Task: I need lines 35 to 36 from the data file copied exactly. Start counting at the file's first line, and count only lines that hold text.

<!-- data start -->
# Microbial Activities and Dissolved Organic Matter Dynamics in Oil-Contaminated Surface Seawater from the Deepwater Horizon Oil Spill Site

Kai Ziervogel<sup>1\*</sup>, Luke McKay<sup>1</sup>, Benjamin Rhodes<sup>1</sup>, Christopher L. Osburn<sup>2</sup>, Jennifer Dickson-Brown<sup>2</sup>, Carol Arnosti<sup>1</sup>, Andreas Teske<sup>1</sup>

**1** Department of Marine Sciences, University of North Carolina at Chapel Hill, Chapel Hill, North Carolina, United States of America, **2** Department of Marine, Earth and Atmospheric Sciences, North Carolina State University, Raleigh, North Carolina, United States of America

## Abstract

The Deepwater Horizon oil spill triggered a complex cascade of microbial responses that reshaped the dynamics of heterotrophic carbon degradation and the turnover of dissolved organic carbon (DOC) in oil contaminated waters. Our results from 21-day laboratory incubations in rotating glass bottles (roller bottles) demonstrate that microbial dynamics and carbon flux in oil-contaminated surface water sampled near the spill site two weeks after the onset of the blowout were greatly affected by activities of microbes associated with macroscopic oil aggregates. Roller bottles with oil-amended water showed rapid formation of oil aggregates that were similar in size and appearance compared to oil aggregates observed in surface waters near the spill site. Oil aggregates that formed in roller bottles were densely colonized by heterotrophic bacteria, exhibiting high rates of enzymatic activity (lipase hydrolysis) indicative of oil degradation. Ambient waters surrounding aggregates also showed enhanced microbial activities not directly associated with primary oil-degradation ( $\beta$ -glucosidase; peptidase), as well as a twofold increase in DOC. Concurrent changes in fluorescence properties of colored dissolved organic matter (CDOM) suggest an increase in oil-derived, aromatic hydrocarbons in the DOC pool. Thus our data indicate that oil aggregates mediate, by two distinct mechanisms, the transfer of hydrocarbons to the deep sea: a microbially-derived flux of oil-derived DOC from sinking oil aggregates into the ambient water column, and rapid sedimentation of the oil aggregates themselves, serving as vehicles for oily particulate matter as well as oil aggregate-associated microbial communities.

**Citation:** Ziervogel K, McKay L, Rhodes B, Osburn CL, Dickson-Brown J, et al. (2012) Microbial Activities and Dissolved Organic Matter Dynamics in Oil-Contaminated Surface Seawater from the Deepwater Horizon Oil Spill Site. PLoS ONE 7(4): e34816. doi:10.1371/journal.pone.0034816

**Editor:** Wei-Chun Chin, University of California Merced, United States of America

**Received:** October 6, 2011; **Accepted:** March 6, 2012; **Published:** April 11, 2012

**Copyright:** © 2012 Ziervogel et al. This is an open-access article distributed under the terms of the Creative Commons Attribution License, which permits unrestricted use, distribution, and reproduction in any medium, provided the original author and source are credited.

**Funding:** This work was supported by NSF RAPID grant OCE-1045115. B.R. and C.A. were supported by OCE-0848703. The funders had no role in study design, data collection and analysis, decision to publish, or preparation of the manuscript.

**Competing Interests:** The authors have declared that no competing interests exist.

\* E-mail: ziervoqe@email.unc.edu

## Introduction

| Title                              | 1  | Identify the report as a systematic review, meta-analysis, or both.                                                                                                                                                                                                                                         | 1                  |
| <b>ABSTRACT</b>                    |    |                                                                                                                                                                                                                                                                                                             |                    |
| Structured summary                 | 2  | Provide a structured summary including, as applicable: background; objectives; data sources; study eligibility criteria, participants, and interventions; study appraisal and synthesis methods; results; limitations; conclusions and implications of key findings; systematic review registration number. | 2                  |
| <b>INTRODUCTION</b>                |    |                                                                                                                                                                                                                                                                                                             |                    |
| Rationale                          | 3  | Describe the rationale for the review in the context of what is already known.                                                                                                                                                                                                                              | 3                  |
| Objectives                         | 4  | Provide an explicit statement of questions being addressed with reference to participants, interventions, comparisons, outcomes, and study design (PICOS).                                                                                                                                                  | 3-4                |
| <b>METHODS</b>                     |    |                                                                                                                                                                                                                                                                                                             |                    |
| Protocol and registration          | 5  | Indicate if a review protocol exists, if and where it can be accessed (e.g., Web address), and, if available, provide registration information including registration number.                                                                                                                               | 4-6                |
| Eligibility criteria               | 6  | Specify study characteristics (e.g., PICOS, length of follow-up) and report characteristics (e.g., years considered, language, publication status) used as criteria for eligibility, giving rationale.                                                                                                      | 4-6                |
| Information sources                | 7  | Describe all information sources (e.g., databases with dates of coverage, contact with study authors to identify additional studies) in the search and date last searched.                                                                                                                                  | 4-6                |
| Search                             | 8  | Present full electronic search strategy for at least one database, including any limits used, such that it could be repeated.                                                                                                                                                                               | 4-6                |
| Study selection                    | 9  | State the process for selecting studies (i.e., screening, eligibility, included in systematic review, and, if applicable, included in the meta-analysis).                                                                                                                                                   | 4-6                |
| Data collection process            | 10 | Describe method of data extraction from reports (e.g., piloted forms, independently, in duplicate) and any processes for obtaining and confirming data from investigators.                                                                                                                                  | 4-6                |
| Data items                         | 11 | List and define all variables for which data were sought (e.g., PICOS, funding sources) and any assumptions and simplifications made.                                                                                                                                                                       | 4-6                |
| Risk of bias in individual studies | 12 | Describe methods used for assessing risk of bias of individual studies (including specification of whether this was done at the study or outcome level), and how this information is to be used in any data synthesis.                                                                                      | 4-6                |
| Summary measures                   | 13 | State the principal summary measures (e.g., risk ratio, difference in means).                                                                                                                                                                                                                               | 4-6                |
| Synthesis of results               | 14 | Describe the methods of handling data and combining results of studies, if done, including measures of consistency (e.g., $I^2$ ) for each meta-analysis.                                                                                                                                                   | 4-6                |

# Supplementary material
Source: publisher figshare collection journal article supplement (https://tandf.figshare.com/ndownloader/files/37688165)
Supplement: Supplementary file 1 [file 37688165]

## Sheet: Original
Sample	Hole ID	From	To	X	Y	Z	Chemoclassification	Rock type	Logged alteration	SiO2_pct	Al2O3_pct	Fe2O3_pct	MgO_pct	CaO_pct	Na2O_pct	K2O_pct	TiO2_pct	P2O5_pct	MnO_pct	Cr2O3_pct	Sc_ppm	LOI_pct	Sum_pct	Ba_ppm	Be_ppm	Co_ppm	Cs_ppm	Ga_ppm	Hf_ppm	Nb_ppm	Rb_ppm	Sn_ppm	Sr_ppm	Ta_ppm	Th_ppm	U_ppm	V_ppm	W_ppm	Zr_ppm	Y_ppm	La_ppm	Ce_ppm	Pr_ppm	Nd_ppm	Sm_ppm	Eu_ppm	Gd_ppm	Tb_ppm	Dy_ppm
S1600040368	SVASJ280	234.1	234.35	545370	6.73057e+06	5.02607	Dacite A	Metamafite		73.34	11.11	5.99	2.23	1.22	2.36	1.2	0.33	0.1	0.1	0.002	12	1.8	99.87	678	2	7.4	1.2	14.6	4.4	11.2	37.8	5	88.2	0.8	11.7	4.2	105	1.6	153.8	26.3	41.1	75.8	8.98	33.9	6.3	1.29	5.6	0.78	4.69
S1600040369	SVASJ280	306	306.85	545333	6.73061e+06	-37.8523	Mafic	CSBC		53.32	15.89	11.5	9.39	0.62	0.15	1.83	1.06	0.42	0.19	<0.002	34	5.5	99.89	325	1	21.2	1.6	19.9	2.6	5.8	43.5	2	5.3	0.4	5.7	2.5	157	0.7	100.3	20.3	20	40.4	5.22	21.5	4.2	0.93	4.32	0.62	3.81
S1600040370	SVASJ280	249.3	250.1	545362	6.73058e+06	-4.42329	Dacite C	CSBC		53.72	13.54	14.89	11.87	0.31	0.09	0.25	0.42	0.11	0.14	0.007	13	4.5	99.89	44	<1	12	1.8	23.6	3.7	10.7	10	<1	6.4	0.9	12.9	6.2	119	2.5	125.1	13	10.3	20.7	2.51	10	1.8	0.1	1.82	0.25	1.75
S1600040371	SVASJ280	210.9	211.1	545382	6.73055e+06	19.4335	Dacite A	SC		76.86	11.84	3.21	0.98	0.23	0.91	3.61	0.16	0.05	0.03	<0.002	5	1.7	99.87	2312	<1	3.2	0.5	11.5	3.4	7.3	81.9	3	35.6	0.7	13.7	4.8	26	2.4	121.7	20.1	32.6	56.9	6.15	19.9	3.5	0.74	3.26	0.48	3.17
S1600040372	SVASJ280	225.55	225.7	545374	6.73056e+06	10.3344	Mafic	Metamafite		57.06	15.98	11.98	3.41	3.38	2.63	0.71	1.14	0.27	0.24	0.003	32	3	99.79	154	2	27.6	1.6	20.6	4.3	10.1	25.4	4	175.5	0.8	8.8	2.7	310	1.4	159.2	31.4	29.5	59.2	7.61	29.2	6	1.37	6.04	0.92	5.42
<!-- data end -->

Sample	Hole ID	From	To	X	Y	Z	Chemoclassification	Rock type	Logged alteration	SiO2_pct	Al2O3_pct	Fe2O3_pct	MgO_pct	CaO_pct	Na2O_pct	K2O_pct	TiO2_pct	P2O5_pct	MnO_pct	Cr2O3_pct	Sc_ppm	LOI_pct	Sum_pct	Ba_ppm	Be_ppm	Co_ppm	Cs_ppm	Ga_ppm	Hf_ppm	Nb_ppm	Rb_ppm	Sn_ppm	Sr_ppm	Ta_ppm	Th_ppm	U_ppm	V_ppm	W_ppm	Zr_ppm	Y_ppm	La_ppm	Ce_ppm	Pr_ppm	Nd_ppm	Sm_ppm	Eu_ppm	Gd_ppm	Tb_ppm	Dy_ppm
S1600040368	SVASJ280	234.1	234.35	545370	6.73057e+06	5.02607	Dacite A	Metamafite		73.34	11.11	5.99	2.23	1.22	2.36	1.2	0.33	0.1	0.1	0.002	12	1.8	99.87	678	2	7.4	1.2	14.6	4.4	11.2	37.8	5	88.2	0.8	11.7	4.2	105	1.6	153.8	26.3	41.1	75.8	8.98	33.9	6.3	1.29	5.6	0.78	4.69